NEW YORK – Contract talks between CBS and David Letterman were so contentious at one point that the network was close to saying bye, bye to its cantankerous late-night star.
In fact, according to a report in this week's Time magazine, the negotiations nearly collapsed when CBS President Leslie Moonves became so exasperated over the demands being made by Letterman's camp that he blurted out at a meeting, "Fine. Let him go!"
Citing "a source involved with the talks," the magazine quotes Moonves as exclaiming, "I've never had a more difficult negotiation in my entire life!"
Moonves' momentary willingness to cease negotiations was apparently recognized by Letterman's reps as an expression of the executive's frustration and not as a deal-ender, since Letterman is still weighing a CBS offer, as well as one from ABC.
But Moonves' off-the-cuff comments are an indication of the bad blood that exists between the gap-toothed funnyman and the network that lured him from NBC in 1993.
And with the relationship between Letterman and CBS apparently in tatters, it's far from certain that he'll remain with the network, especially now that ABC has been aggressively courting him.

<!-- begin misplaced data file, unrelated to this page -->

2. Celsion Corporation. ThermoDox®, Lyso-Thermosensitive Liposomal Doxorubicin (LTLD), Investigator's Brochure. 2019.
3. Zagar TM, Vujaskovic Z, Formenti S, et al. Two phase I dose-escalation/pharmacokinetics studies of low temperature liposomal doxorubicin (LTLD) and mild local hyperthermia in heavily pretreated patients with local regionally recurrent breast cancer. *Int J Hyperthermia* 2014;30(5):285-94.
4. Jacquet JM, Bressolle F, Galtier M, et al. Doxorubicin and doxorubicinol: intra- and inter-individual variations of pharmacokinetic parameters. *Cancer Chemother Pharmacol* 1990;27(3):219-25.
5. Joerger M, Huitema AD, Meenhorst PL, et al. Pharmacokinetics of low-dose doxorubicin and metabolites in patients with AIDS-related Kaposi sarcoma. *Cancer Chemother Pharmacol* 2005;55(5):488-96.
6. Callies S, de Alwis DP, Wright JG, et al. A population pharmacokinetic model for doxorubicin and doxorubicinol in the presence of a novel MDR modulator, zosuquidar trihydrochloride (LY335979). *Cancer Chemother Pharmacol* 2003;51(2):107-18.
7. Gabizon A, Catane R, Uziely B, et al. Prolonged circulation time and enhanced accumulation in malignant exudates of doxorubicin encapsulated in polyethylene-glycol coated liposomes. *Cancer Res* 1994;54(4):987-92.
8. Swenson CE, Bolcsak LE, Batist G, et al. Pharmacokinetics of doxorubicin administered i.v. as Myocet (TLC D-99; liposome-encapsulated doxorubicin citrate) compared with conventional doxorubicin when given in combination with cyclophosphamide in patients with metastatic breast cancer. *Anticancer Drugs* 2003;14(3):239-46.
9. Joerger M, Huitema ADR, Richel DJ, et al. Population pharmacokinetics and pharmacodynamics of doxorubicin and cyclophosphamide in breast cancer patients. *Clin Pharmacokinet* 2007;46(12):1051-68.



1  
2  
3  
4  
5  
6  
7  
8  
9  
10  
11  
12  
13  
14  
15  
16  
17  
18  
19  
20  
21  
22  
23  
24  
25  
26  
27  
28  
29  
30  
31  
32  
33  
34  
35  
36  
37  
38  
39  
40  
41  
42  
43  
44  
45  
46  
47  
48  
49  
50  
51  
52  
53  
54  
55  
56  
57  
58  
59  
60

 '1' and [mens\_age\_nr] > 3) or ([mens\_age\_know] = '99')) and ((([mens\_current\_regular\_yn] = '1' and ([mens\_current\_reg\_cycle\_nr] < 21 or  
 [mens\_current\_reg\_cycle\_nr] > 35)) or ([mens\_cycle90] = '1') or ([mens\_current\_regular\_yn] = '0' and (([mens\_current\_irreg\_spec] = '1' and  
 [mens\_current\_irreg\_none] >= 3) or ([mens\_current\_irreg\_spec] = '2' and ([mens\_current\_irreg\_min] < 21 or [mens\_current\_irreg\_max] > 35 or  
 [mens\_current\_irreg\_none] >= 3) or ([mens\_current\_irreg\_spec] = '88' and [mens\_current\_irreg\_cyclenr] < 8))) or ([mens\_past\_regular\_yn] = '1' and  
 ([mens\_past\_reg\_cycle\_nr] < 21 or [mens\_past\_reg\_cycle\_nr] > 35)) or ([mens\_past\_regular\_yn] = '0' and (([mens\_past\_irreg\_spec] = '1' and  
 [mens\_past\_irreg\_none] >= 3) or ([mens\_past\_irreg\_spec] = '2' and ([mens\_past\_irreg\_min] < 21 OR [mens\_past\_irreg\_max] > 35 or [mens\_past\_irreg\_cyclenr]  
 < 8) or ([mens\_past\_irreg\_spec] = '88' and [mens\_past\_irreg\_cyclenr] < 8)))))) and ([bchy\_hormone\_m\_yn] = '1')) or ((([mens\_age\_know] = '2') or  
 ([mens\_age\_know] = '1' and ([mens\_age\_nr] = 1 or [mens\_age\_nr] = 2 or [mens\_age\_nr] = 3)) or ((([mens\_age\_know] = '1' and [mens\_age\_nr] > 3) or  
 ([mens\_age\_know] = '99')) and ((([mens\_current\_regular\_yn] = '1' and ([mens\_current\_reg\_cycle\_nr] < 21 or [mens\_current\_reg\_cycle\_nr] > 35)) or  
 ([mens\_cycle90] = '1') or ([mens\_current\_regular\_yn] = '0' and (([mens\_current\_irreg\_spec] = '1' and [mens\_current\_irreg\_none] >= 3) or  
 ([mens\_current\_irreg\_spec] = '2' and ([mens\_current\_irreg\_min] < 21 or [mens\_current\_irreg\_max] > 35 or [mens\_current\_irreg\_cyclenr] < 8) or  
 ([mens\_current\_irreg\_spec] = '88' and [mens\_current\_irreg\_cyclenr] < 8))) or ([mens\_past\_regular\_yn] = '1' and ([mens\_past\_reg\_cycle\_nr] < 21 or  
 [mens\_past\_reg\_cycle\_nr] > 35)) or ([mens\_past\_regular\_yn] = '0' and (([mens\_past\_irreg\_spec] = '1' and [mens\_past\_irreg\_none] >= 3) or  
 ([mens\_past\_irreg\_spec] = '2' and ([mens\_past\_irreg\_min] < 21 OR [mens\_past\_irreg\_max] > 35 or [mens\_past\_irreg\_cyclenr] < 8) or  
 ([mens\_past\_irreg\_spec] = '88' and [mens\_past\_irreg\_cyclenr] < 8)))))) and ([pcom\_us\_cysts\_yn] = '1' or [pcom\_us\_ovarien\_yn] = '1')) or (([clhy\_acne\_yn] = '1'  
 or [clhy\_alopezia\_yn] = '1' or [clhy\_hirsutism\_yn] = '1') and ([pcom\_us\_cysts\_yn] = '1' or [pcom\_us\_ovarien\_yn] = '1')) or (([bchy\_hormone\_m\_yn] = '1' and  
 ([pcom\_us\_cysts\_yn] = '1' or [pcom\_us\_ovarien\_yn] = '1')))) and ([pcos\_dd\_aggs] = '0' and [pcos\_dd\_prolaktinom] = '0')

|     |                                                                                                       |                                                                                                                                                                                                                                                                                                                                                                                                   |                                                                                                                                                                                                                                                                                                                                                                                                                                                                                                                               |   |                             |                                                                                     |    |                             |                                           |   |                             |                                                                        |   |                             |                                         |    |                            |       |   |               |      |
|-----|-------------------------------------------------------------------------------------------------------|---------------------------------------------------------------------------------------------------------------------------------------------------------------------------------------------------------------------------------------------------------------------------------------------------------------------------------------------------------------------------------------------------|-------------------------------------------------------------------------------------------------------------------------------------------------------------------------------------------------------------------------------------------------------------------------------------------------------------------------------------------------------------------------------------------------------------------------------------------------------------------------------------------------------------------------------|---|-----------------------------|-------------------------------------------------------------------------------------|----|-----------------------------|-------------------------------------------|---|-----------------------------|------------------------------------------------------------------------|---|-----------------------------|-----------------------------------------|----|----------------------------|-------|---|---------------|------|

With Letterman holed up at his Caribbean retreat in St. Bart's for the past 10 days, the TV industry and millions of late-night TV viewers anxiously await his return to the air tonight.
Some observers expect Letterman to announce a decision on his future as early as today, since he's had more than a week to think about it. But some sources close to the negotiations say that might be wishful thinking.
And if no announcement is forthcoming today, viewers will be watching closely tonight to see if the mercurial comedian reveals hints of what he plans to do in his opening monologue, his Top 10 List, or in his conversations with guests, who tonight will include Ray Romano, star of the Letterman-produced CBS sitcom Everybody Loves Raymond, and New Jersey Nets star Jason Kidd.
Among the demands Letterman's people are reportedly making is a guarantee that his production company, Worldwide Pants, would be allowed to produce any future versions of Late Show for as many as 10 years after Letterman retires. CBS is said to be balking at this particular request.